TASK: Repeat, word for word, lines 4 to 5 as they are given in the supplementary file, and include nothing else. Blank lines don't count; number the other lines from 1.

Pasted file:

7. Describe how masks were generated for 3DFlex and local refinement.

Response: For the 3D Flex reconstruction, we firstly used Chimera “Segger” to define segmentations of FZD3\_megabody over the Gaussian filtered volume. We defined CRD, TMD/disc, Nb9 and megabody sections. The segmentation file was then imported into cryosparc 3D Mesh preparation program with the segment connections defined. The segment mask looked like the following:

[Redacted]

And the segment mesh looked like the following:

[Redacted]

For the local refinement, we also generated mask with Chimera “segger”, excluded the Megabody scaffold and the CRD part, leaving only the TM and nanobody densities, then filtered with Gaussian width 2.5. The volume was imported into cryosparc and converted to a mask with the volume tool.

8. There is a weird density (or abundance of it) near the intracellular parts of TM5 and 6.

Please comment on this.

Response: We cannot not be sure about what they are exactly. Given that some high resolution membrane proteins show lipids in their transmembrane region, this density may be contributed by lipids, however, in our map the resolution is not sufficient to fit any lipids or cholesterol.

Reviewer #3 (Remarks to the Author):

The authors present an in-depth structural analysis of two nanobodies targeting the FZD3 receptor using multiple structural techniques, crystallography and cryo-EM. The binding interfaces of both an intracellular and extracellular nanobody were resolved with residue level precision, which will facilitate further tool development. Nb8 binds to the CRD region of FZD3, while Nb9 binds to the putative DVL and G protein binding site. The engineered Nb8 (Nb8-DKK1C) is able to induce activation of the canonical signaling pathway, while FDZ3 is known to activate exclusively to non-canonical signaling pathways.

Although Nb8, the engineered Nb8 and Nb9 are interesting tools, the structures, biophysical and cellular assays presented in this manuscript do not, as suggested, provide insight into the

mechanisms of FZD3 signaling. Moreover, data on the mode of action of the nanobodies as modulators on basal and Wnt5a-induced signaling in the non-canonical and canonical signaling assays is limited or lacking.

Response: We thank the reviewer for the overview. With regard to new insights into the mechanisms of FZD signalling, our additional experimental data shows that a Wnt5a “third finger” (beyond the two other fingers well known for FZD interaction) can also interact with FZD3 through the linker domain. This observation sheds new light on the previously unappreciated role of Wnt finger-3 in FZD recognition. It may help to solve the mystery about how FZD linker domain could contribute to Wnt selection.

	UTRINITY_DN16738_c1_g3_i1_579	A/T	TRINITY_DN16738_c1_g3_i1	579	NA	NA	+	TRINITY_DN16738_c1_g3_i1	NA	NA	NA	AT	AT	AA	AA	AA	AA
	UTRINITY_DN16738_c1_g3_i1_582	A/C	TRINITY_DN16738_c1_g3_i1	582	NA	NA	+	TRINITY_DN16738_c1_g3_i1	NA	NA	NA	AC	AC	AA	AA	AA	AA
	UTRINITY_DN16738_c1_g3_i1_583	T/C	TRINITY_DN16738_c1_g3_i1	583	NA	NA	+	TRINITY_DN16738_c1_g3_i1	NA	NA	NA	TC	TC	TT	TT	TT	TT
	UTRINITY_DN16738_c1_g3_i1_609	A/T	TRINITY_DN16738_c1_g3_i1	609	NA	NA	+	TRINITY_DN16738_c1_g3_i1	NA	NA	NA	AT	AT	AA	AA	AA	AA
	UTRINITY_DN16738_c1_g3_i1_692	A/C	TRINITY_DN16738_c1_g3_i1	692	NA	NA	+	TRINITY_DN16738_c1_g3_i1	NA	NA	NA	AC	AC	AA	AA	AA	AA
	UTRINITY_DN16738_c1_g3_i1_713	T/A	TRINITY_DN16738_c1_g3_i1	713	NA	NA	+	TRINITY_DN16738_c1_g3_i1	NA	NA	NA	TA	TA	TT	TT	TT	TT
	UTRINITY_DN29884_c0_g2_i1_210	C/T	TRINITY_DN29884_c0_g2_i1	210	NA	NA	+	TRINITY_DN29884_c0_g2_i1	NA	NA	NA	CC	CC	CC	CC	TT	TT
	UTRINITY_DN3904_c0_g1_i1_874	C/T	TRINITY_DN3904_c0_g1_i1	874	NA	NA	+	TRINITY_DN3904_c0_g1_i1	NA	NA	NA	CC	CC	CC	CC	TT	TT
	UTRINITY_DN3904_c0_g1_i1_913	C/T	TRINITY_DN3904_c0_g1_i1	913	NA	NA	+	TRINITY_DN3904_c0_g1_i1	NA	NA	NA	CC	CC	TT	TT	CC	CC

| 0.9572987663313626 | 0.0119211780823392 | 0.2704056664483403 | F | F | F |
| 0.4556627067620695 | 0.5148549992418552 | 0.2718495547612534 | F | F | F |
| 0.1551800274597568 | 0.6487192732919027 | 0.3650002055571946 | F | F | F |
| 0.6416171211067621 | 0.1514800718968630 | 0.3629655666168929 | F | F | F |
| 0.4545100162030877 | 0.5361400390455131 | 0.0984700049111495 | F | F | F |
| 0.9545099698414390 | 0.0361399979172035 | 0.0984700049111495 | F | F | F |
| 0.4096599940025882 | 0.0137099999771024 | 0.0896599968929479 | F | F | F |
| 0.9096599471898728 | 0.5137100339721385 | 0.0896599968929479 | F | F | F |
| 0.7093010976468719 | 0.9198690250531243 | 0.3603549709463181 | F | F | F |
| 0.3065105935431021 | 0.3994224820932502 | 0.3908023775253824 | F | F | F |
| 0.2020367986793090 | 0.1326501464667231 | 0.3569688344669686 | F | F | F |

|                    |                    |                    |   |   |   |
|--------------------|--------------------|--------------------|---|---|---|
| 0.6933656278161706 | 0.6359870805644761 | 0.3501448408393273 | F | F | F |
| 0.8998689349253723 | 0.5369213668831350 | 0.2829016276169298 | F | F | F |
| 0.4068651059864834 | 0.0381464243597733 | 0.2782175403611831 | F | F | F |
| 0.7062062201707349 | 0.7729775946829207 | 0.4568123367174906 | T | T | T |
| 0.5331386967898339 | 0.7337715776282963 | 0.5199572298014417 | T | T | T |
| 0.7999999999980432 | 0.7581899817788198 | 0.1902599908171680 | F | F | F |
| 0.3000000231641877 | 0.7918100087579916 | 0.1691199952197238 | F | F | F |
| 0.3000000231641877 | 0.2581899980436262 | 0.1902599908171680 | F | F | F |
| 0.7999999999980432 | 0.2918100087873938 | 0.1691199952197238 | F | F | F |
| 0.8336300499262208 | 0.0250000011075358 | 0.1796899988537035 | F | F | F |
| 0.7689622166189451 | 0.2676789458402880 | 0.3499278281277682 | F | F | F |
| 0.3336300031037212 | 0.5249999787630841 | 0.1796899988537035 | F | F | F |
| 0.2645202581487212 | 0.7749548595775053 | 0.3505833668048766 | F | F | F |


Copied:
And the segment mesh looked like the following:

[Redacted]